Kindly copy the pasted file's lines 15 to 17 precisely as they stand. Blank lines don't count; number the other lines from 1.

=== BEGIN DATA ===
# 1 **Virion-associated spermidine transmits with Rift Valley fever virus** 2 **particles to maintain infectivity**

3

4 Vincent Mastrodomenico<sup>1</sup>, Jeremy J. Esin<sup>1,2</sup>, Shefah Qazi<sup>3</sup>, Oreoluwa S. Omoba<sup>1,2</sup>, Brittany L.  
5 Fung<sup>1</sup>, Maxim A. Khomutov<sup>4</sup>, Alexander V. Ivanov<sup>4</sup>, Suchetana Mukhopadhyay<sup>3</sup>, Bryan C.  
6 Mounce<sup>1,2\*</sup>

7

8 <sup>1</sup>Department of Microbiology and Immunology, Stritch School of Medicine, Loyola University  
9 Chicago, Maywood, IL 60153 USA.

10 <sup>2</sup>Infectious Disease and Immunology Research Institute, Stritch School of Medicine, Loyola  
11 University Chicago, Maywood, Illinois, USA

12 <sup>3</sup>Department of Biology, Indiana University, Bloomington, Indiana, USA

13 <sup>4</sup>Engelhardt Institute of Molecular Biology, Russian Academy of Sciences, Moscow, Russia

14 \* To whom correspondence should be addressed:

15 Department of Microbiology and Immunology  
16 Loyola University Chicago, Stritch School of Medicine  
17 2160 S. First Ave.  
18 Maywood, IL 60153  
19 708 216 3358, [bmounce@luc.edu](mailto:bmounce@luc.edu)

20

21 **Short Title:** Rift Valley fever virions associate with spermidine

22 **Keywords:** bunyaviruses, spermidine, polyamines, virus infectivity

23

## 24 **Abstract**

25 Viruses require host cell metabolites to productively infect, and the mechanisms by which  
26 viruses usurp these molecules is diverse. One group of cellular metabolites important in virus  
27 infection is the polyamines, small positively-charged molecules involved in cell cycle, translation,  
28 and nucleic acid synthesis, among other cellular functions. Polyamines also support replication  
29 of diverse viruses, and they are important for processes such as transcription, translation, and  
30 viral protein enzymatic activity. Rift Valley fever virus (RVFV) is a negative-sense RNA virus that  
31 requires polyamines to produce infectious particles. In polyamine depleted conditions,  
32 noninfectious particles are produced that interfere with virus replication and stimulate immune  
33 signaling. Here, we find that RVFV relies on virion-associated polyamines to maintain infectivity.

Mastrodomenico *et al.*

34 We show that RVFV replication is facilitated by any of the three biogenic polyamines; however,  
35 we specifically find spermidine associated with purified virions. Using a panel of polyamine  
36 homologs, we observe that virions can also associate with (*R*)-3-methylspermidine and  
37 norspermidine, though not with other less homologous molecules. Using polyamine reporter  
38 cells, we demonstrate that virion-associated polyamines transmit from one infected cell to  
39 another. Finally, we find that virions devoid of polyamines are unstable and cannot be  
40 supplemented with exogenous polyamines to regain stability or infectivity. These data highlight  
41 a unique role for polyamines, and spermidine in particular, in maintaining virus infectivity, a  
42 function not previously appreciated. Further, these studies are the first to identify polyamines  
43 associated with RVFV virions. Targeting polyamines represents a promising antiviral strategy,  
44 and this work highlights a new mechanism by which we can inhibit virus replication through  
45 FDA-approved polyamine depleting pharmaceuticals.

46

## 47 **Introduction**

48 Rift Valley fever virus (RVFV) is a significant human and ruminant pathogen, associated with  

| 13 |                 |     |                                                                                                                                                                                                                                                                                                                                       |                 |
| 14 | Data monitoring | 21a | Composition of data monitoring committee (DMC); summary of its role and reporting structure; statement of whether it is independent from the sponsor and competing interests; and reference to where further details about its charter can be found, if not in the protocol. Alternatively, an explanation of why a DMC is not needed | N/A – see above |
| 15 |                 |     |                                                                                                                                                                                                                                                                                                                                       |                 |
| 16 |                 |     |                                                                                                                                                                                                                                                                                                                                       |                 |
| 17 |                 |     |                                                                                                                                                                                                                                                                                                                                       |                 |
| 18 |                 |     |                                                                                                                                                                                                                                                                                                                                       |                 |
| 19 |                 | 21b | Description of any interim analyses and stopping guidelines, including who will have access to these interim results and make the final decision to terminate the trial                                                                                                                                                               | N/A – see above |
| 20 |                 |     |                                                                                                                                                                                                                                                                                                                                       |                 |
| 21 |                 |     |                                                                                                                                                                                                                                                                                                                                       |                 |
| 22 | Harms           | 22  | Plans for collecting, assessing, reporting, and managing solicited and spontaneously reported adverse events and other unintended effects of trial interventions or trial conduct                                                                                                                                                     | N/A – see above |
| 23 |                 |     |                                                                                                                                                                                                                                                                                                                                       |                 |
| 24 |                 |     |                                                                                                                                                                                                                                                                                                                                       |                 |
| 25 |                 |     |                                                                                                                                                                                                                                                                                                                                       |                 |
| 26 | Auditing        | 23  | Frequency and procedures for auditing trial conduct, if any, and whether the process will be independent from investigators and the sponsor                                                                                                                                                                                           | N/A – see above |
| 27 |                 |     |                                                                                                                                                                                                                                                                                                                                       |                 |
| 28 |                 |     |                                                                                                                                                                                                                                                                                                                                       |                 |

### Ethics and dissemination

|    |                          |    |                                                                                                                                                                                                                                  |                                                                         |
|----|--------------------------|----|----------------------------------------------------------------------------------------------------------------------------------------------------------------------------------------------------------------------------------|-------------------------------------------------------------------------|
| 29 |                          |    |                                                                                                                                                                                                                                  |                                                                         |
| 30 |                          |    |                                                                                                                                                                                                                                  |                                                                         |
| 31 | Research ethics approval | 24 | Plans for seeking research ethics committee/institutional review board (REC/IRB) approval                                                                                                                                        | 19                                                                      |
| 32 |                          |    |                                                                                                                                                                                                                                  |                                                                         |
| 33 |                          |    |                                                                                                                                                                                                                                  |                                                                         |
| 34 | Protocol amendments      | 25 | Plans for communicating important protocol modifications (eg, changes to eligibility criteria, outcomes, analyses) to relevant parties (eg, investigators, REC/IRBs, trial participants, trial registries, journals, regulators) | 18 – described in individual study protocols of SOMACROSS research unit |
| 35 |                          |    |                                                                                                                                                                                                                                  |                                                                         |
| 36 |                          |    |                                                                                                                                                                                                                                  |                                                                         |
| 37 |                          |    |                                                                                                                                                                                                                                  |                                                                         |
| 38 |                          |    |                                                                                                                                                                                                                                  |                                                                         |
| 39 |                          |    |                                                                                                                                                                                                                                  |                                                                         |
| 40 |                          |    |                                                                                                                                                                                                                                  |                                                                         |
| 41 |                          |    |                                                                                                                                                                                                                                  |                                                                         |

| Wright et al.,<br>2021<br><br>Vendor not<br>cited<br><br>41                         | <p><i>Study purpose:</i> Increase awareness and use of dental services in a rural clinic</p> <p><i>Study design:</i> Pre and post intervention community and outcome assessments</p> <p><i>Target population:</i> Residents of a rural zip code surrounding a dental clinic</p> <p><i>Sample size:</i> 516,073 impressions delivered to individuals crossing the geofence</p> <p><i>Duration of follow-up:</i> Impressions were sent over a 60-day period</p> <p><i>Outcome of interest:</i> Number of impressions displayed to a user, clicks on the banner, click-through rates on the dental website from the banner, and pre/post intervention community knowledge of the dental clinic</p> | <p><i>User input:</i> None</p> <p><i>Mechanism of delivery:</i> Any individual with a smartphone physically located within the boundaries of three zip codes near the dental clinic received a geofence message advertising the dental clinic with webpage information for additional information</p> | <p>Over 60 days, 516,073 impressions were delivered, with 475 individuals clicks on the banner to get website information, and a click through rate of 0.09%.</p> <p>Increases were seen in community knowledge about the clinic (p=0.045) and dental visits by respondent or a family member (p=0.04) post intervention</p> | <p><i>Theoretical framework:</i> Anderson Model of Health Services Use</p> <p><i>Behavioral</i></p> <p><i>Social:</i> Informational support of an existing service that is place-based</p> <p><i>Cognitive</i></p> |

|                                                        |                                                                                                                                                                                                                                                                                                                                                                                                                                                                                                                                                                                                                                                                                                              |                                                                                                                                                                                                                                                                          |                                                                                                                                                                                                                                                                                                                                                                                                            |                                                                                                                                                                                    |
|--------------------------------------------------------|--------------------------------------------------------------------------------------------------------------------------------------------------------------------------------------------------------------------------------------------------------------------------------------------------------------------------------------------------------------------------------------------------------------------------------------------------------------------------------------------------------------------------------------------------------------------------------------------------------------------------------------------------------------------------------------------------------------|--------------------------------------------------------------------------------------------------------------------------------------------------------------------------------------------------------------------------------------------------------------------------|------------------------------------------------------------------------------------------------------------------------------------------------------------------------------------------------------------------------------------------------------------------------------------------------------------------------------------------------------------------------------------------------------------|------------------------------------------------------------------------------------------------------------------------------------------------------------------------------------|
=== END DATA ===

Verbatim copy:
16 Loyola University Chicago, Stritch School of Medicine  
17 2160 S. First Ave.  
18 Maywood, IL 60153  